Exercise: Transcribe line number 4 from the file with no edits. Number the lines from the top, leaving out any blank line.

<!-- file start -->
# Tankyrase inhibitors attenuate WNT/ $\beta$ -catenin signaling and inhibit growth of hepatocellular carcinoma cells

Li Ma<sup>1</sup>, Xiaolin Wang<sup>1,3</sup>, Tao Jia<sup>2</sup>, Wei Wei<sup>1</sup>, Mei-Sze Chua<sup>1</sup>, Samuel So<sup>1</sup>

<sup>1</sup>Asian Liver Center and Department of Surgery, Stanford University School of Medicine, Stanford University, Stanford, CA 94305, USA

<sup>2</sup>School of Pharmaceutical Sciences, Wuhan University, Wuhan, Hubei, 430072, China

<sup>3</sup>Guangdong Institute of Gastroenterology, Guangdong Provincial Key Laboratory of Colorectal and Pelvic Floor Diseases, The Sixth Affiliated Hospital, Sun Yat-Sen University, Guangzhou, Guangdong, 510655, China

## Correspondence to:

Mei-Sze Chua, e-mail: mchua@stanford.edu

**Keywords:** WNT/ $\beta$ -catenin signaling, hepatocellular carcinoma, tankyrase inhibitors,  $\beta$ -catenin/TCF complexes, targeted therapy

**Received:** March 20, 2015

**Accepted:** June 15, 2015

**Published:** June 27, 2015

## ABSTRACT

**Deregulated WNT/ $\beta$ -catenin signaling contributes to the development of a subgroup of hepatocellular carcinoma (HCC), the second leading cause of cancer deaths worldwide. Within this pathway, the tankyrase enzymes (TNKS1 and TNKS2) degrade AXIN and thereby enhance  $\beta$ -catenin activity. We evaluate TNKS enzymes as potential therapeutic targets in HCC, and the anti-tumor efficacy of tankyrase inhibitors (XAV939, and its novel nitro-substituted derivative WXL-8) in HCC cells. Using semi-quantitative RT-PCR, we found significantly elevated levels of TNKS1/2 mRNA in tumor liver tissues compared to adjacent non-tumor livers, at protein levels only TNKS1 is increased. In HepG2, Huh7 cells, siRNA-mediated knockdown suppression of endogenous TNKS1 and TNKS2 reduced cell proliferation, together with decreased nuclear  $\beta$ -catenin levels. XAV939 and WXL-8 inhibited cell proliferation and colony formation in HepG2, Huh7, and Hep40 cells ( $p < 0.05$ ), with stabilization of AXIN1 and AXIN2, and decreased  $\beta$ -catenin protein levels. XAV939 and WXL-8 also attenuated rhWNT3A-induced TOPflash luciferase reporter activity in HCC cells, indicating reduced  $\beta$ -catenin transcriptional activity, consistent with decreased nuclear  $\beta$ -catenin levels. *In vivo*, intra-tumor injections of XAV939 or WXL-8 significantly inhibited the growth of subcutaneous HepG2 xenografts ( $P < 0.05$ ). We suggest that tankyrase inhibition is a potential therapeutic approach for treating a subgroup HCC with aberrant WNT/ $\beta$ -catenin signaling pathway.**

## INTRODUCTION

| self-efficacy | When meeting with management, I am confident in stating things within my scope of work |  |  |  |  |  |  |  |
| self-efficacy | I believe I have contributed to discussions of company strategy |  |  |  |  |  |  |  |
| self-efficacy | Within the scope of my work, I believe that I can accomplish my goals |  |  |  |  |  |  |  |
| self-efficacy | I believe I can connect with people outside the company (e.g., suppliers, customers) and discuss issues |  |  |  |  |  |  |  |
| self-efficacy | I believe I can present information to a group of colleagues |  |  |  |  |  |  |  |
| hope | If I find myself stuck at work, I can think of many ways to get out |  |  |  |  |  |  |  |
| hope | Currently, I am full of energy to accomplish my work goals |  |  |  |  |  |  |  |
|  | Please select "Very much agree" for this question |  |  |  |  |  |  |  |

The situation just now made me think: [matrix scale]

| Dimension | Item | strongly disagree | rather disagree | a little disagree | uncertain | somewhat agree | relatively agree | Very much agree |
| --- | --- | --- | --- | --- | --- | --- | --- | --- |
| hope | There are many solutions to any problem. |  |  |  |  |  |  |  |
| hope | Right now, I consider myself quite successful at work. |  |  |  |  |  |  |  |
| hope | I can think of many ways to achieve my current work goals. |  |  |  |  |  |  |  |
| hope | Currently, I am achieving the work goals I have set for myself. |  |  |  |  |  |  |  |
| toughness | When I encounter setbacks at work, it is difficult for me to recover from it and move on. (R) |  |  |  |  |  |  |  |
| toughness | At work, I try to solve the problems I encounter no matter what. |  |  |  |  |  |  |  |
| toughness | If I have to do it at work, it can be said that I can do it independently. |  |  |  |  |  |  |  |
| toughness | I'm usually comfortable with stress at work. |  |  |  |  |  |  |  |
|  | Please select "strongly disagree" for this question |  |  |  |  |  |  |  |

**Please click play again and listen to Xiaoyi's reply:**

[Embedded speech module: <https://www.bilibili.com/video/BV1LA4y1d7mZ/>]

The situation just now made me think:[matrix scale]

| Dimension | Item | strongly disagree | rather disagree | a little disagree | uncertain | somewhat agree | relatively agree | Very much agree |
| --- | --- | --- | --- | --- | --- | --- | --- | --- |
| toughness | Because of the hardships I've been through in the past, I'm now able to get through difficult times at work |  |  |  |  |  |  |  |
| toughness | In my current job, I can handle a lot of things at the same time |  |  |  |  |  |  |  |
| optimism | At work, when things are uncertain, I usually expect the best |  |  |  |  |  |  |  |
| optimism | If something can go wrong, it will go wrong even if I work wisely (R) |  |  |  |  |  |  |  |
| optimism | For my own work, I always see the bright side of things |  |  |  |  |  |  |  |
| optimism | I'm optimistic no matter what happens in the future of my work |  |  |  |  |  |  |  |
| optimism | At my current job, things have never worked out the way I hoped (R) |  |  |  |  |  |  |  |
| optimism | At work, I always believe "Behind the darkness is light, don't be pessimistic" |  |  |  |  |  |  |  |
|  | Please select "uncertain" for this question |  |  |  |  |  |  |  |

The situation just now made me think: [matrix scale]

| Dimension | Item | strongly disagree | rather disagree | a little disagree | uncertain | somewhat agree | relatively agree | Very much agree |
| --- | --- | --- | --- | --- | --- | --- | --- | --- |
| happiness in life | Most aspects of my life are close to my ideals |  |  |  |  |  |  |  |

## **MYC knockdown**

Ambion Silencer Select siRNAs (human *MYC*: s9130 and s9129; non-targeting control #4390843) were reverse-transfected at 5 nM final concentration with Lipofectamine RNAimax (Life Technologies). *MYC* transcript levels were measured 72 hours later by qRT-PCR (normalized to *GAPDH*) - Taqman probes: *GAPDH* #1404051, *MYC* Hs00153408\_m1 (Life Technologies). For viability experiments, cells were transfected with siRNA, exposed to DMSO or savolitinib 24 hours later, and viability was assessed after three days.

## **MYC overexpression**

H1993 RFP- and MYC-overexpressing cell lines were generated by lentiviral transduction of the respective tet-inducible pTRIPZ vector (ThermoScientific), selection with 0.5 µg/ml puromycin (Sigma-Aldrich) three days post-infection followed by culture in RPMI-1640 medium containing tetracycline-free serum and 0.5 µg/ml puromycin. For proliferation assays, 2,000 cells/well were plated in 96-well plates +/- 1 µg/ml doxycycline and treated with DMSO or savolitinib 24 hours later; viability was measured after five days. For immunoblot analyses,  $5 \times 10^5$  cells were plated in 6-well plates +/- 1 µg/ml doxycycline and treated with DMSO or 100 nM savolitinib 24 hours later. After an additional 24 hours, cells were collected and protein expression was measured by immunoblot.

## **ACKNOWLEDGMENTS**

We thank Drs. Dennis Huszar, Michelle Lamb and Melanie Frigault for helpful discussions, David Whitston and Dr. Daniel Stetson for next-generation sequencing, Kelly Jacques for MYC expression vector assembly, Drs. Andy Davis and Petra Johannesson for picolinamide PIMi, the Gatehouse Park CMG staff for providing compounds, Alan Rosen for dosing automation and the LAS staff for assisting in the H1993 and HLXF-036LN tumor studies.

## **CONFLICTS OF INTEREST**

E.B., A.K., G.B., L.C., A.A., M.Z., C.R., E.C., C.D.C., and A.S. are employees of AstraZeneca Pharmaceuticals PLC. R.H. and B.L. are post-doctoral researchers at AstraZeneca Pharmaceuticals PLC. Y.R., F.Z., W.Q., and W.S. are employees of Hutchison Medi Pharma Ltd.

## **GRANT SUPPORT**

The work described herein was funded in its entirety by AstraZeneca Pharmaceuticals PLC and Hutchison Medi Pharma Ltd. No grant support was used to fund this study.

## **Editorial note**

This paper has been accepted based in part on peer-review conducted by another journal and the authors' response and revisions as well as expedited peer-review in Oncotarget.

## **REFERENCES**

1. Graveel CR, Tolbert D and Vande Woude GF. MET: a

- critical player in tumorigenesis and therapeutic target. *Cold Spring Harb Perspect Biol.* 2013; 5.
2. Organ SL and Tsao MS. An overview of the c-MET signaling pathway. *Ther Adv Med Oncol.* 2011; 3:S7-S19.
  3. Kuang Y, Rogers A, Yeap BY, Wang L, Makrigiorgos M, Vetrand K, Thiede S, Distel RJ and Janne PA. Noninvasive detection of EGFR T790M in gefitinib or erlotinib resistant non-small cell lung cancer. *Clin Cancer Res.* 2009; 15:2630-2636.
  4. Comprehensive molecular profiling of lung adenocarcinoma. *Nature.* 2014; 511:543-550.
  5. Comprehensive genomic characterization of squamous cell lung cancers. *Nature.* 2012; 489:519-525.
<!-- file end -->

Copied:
<sup>2</sup>School of Pharmaceutical Sciences, Wuhan University, Wuhan, Hubei, 430072, China